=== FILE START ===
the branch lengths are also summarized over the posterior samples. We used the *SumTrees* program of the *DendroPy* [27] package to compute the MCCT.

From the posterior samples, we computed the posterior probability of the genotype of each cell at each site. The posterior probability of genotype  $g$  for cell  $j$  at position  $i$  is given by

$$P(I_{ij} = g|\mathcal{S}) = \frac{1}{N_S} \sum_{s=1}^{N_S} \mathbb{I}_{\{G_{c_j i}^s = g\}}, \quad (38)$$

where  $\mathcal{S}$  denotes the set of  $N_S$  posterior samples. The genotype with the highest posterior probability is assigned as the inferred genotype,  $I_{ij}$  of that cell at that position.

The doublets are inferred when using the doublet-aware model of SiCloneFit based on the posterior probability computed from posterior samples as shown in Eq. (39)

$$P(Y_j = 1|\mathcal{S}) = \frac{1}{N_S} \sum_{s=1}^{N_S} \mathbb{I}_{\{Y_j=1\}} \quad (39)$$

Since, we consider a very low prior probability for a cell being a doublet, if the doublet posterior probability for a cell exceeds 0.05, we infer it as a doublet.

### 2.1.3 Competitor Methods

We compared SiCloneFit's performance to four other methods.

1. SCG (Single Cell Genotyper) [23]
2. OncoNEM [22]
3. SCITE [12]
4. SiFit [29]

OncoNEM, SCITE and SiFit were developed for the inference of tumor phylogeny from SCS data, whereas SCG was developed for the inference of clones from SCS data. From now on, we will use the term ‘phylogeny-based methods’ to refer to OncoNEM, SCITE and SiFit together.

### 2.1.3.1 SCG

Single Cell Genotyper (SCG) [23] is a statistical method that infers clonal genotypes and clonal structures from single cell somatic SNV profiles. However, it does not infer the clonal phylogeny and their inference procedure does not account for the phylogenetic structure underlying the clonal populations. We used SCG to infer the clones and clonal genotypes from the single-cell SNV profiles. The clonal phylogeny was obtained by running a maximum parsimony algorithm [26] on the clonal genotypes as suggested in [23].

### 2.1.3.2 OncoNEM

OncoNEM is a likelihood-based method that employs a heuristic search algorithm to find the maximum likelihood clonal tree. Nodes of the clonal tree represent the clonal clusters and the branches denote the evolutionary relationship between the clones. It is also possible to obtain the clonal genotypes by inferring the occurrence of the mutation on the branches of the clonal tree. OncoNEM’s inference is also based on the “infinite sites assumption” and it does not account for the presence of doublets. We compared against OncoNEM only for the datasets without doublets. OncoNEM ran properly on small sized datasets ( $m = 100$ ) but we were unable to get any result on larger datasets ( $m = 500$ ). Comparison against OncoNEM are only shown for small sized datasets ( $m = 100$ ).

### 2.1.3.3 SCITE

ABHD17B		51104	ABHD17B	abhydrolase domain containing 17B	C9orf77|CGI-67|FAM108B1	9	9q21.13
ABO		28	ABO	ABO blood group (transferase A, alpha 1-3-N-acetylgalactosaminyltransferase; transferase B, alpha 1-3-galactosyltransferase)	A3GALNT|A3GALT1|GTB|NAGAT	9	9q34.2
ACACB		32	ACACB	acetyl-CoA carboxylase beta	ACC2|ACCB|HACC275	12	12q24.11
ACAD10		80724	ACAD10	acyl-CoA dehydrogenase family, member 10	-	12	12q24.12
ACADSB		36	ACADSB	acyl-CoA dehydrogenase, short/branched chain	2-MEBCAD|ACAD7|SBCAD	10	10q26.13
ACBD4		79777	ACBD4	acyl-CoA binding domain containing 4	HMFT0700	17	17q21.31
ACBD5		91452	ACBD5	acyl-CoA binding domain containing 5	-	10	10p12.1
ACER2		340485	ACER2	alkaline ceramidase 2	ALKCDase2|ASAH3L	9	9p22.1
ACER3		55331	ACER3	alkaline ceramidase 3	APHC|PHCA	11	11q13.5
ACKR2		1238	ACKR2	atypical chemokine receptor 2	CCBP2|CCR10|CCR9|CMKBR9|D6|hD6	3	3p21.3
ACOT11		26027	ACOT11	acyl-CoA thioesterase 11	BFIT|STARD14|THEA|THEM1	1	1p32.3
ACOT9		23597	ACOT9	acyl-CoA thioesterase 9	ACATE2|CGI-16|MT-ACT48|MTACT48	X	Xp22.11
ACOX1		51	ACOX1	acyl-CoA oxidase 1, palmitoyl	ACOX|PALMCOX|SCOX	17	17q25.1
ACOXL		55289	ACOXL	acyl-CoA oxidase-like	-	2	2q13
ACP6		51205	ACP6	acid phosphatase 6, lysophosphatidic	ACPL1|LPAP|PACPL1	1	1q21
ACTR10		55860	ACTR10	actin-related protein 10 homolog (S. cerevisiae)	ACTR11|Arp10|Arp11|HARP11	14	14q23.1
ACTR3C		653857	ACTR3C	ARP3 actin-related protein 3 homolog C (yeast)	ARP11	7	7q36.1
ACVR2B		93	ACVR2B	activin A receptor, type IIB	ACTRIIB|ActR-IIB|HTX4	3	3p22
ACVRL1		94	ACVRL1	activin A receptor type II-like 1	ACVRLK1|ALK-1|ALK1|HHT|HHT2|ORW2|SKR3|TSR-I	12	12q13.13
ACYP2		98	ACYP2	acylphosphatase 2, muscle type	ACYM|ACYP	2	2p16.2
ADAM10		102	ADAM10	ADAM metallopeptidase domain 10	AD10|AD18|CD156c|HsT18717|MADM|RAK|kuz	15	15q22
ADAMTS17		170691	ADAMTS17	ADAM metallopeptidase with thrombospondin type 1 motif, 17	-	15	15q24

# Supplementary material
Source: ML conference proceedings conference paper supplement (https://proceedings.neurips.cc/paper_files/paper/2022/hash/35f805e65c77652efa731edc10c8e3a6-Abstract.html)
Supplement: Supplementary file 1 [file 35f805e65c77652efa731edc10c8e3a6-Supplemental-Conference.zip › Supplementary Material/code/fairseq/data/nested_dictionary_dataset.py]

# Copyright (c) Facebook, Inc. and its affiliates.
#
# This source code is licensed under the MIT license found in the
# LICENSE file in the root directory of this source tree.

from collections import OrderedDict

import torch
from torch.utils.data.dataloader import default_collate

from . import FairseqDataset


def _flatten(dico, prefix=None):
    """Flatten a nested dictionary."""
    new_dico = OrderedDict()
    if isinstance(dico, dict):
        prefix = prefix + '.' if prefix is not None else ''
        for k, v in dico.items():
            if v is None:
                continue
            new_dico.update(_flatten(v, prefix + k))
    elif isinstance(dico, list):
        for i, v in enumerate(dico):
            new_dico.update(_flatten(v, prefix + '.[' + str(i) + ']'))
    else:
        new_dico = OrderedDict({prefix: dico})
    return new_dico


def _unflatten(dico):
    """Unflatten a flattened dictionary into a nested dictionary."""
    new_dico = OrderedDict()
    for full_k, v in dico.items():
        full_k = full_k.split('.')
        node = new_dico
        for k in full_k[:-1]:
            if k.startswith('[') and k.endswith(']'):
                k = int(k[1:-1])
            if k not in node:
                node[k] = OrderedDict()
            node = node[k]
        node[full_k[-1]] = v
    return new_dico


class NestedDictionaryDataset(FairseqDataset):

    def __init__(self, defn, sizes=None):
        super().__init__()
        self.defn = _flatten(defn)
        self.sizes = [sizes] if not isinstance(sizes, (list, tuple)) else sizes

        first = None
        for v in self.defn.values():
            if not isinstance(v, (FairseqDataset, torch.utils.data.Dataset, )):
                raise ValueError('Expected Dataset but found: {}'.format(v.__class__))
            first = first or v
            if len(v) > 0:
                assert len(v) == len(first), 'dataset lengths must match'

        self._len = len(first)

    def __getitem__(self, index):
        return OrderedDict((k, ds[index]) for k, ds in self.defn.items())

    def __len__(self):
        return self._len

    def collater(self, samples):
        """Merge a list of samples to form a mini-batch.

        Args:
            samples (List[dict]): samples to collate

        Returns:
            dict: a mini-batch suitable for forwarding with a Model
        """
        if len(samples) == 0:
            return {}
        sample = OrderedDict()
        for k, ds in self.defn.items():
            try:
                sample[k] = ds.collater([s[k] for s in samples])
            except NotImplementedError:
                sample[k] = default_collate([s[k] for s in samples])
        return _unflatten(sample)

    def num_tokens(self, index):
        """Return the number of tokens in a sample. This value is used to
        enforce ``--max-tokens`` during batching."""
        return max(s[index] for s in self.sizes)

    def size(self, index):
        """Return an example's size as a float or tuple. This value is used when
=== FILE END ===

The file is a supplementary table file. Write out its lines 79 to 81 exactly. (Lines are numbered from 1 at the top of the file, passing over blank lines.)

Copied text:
            node = node[k]
        node[full_k[-1]] = v
    return new_dico